Additionally, just this week Reps. Jim Bridenstine (R-Okla.) and Doug Lamborn (R- Colo.) introduced a bill that would add an additional 0.4 percent to employees’ contribution a year starting in 2014 and going through 2016, for a total of a 1.2 percent increase. The bill also would require the use of a chained consumer price index to determine the cost of living increase.
Looking under seat cushions for money
Union officials say Congress needs to stop coming back to federal employee pay and benefits to scrounge for money during these tight budget times.
But at least one expert says that’s unlikely.
Andrew Biggs, a resident scholar at the American Enterprise Institute, who studies public sector pay and benefits issues, said it’s not surprising lawmakers keep coming back to tap federal employees’ benefits for money.
“I don’t see this as a vindictive move. I see this as a sign that the federal government really needs money,” Biggs said. “They’re not going to be getting much money out of federal employees in terms of the big picture of the budget deficit. This shows they are scrambling to get cash wherever they can.”
Biggs added federal employee retirement benefits are a great deal for the employees. He said the benefits need to be brought more in line with the private sector and state and local governments.
“The Congressional Budget Office found federal employees’ retirement package, of a defined benefit pension, a defined contribution 401k plan and retiree healthcare, is worth about three times as much as a typical private sector worker can get,” Biggs said. “You could make that plan a little less generous without you making it not competitive with the private sector.”
Additionally, he said state and local government employees pay about 6 percent of their wages toward their retirement, so federal employees going up by 2 percent wouldn’t be a huge burden.
Biggs said the notion that most federal employees haven’t gotten raises in three years is not necessarily true. He said many have received step increases and promotions that came with raises.
But AFGE and NTEU claimed raising their contributions would be seen as a pay cut across the board because more would come from their checks each month.
Both unions have been canvassing the Hill and meeting with members to both stop this latest attempt and educate lawmakers about why this is a bad idea.
NTEU’s Kelley said these issues continue to bubble up to the top because the elected officials have the power to make all the decisions about the future of federal employees, which makes it an easy one.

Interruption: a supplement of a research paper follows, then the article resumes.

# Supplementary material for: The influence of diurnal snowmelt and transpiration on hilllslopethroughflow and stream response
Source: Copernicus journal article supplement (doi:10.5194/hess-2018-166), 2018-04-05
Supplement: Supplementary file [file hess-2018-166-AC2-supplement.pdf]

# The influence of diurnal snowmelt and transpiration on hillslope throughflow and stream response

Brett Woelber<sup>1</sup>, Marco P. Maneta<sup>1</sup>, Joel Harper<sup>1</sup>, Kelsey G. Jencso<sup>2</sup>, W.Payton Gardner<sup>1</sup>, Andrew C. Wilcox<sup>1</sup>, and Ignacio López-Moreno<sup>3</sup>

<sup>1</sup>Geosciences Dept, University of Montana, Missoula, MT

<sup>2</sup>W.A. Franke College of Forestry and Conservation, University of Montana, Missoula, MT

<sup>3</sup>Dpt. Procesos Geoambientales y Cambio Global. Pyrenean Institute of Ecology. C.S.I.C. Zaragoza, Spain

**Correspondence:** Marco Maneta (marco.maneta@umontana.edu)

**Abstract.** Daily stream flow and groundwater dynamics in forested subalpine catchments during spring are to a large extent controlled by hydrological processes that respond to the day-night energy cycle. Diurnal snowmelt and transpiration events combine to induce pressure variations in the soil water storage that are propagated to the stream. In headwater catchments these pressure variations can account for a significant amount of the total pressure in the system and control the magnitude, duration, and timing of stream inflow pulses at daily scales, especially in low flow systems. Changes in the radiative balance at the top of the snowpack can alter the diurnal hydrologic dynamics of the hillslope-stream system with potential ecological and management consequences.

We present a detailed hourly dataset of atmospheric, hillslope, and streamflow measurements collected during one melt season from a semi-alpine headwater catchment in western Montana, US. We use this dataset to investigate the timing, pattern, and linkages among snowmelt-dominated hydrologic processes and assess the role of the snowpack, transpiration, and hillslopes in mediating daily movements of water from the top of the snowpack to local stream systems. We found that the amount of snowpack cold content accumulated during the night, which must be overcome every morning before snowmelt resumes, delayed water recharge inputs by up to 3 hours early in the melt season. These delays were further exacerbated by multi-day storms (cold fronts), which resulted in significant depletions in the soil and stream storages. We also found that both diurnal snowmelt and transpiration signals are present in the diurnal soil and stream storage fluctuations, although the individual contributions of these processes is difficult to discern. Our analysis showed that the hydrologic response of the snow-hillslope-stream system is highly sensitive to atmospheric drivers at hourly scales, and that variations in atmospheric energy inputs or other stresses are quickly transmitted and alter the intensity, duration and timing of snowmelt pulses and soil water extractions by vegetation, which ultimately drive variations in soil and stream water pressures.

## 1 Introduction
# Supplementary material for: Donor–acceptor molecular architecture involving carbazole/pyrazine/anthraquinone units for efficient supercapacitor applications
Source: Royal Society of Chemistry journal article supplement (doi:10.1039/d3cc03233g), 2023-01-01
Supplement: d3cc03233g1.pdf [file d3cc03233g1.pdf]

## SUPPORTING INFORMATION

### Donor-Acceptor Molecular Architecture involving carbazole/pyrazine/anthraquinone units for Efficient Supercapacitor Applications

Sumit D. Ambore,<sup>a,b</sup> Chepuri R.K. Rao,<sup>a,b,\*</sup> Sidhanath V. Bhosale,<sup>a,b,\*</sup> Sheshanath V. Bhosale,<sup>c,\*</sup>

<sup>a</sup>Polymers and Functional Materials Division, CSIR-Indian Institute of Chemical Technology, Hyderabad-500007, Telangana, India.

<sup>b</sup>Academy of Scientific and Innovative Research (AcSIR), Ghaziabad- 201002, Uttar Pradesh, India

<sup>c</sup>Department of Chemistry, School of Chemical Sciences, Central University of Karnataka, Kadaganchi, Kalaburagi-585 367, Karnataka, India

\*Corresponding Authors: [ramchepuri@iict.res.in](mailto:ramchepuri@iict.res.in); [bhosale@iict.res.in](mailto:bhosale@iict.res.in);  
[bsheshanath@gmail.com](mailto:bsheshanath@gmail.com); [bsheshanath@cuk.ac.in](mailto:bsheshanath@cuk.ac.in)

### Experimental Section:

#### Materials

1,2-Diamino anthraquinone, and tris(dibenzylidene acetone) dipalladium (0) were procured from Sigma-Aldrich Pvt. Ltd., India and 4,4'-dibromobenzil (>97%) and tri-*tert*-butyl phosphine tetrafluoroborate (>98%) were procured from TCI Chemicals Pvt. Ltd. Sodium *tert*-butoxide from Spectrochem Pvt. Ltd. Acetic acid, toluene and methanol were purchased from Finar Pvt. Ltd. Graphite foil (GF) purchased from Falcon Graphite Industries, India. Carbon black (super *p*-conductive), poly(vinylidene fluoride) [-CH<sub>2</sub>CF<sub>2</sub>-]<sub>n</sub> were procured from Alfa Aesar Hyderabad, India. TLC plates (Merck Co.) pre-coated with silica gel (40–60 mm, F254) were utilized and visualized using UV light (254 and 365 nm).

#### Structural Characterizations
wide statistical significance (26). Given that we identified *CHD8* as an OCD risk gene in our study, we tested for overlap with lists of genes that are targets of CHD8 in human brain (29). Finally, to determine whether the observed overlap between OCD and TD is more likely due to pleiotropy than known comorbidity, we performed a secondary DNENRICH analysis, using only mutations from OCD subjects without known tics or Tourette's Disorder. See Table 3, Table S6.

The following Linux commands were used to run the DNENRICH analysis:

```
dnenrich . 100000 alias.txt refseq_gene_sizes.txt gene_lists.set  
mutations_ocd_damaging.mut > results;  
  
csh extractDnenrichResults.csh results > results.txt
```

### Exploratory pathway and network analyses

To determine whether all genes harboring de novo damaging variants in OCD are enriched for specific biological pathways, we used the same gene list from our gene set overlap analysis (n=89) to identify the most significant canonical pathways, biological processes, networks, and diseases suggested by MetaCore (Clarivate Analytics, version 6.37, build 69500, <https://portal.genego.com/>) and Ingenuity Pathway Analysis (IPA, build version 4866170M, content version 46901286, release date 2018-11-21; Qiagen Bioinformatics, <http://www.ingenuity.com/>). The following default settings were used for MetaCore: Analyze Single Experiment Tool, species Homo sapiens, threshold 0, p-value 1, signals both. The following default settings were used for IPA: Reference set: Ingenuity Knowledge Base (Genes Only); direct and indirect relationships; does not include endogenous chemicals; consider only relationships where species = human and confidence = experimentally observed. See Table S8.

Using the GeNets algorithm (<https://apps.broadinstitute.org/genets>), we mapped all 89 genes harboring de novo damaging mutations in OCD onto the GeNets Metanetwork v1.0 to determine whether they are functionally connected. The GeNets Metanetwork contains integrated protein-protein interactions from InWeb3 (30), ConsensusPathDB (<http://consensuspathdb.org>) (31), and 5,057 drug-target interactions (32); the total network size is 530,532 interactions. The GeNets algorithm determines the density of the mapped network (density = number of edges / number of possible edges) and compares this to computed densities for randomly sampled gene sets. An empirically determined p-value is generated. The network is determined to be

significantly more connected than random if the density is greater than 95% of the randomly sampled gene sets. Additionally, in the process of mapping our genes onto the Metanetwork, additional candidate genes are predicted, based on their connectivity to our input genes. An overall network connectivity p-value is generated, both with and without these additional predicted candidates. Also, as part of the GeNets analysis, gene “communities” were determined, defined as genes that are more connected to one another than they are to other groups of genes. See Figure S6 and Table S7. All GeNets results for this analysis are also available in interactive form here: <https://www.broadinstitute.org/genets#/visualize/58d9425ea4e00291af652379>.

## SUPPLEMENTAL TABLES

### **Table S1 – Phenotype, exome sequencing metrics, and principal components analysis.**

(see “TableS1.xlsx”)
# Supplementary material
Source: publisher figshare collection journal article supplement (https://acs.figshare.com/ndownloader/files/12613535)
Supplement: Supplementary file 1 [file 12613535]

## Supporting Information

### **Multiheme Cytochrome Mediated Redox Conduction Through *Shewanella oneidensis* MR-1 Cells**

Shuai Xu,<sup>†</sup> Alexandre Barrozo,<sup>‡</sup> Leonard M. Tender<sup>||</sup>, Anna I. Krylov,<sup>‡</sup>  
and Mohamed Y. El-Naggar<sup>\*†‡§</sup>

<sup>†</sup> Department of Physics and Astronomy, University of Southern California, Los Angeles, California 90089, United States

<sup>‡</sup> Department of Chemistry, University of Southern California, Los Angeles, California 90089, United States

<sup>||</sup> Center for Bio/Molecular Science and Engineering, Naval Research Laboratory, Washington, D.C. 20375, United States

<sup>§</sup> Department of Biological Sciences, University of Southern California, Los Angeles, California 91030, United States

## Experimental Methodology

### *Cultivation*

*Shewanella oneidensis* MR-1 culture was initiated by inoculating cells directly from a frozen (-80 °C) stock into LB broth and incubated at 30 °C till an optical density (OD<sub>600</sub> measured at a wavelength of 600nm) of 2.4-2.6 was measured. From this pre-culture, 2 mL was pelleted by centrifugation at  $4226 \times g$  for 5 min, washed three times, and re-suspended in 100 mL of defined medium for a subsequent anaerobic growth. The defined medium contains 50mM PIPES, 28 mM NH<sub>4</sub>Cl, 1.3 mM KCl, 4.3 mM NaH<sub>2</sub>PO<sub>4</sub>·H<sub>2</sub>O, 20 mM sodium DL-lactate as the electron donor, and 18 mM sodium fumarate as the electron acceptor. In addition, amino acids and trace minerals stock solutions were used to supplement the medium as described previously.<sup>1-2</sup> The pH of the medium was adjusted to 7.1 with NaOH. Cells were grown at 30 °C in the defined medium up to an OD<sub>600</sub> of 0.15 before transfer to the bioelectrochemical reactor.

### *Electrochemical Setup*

“The repeal of the Budget Control Act is not just an underlying issue in all of this, but it ends up driving the criticality of this discussion every six months. That has been an added layer on to the discussion that always takes place anyways,” she said. “The bottom line is Republicans keep drawing lines in the sand and will be reckless and will go to a government shutdown if this can’t be resolved. We need Democrats to make sure that they speak out against that. These can’t be side-on-side conversations. These have to be very public commitments and confirmations of where the members of Congress stand on this for members of the American public and for federal employees.”
Local lawmakers vow to push back
Several Democrats have spoken up. Minority Whip Steny Hoyer (D-Md.) released a statement saying he “vehemently opposes efforts to target and single out these hardworking, middle-class Americans who play a critical role in maintaining the safety, security, and well-being of our nation.”
Reps. Gerry Connolly (D-Va.) and Jim Moran (D-Va.) released a joint statement as well, saying, “Congress must find a budget deal that protects federal employees, removes sequester level spending caps, and finally acknowledges the value of federal service.”
Republicans with large federal employee constituencies also have started to speak out.
Rep. Frank Wolf (R-Va.) wrote a letter to the members of the budget committee asking them to stop picking on federal employees. Wolf said he can’t support a budget agreement that asks the federal workforce to once again disproportionately feel the brunt of the cuts.